Possibly Related Posts: (automatically generated)

For the second part of my look at Alpine cycle chic, I travelled south from Innsbruck to Bozen/Bolzano. The dual name tells you that we have now moved to the South Tyrol (German and Ladin: Südtirol, Italian: Sudtirolo or Alto Adige) in the north of Italy. Once again, this trip was not primarily about taking cycling photos, we had other reasons for going there. I just took the opportunity to grab a few photos.

On exiting the station, you quickly become aware that this is a place with a strong cycling culture, bicycles are everywhere. But it wasn’t until I stopped to take a photo of a shop across the street that I realised just how strong a cycling culture it is. It wasn’t the bikes in the shop window that made me realise this, pretty though they are, it was the reaction of people driving past. There was a traffic light at the end of the street, and instead of rushing to join the stationary queue of traffic, these drivers were slowing down to look longingly at the bikes in the shop. As I was trying to take photos, one of the drivers saw me, smiled and stopped short, so as not to block my view! That is something which would never happen in the UK, as I know from experience. Oh, and here is the shop…

Bikes in Bozen

Bikes in Bozen

Bikes in Bozen

I was tempted to rush in and buy a bicycle my self, but my financial conscience wouldn’t let me, she was after all standing beside me.

According to the conventional wisdom (of English speaking cycle campaign groups), Bozen/Bolzano shouldn’t have a bicycling culture because it isn’t flat. I am often told that a major reason that bicycles are popular in places like the Netherlands and Denmark is because the are flat, and that in places with hills people don’t cycle. OK, would those people please explain these photos then?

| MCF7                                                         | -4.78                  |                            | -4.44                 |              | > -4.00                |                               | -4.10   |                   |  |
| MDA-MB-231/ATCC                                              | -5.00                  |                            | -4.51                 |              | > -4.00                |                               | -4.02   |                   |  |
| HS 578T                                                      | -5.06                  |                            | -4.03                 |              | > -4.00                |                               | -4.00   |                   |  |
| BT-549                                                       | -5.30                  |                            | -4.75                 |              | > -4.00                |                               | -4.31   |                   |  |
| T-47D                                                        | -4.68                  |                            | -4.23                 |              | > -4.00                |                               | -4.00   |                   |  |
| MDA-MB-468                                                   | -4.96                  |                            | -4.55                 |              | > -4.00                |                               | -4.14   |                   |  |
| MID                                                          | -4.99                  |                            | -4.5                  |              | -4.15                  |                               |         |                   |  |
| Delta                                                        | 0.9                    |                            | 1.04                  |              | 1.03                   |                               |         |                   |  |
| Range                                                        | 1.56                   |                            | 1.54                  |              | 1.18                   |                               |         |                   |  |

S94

Bozen isn't flat

Bozen isn't flat

Bozen isn't flat

Bozzen isn't flat

Another thing Bozen/Bolzano does have is cycle specific infrastructure, such as separated cycle lanes,

Bozen cycle infrastructure

lots of cycle parking,

Bikes in Bozen

Bikes in Bozen

and this is a street open to limited motor traffic.

If you don’t have a bike with you when visit Bozen/Bolzano, there is bicycle rental (Fahrradverleih/Noleggio biciclette), which costs €1 for six hours, €2 for more than six hours and €5 a day for multi day hire. We didn’t hire bikes on this visit, but having seen them outside the station, we will probably do so on another visit.

My favourite bit of infrastructure in Bozen/Bolzano is actually for pedestrians and just outside the station.

Bozen infrastructure

Bozen infrastructure

This pedestrian crossing goes all the way around the roundabout, thereby giving pedestrians priority, putting cars in their place, and it seems to work. I really liked Bozen/Bolzano from our brief visit, and it is no surprise to find that it was ranked as having the second highest quality of life of Italian cities in 2007. The first place was taken by Trento, which I have yet to visit, one day. It is also no surprise that places that have a high quality of life are also tend to be bicycle friendly! Update: it would appear that in 2010 Bozen/Bolzano took the top spot with Trento in second.

Finally I will leave you with a few more photos of bicycles and people in Bozen/Bolzano.

Bikes in Bozen

One for Bike Snob

Bozen cycle chic

Bikes in Bozen

Botzen cycle chic

Addendum: Since first writing this post I have discovered that Bozen/Bolzano was the first city in Italy to install a “bicycle barometer” similar to the bicycle counting machines exist in Copenhagen, and that modal share of cycling in Bozen/Bolzano is around 30%! Oh and the only time I saw a cycle helmet being worn the whole day, was by a long distance tourer at the station, he also had a Californian flag on the bars of his bike…

Possibly Related Posts: (automatically generated)

Bear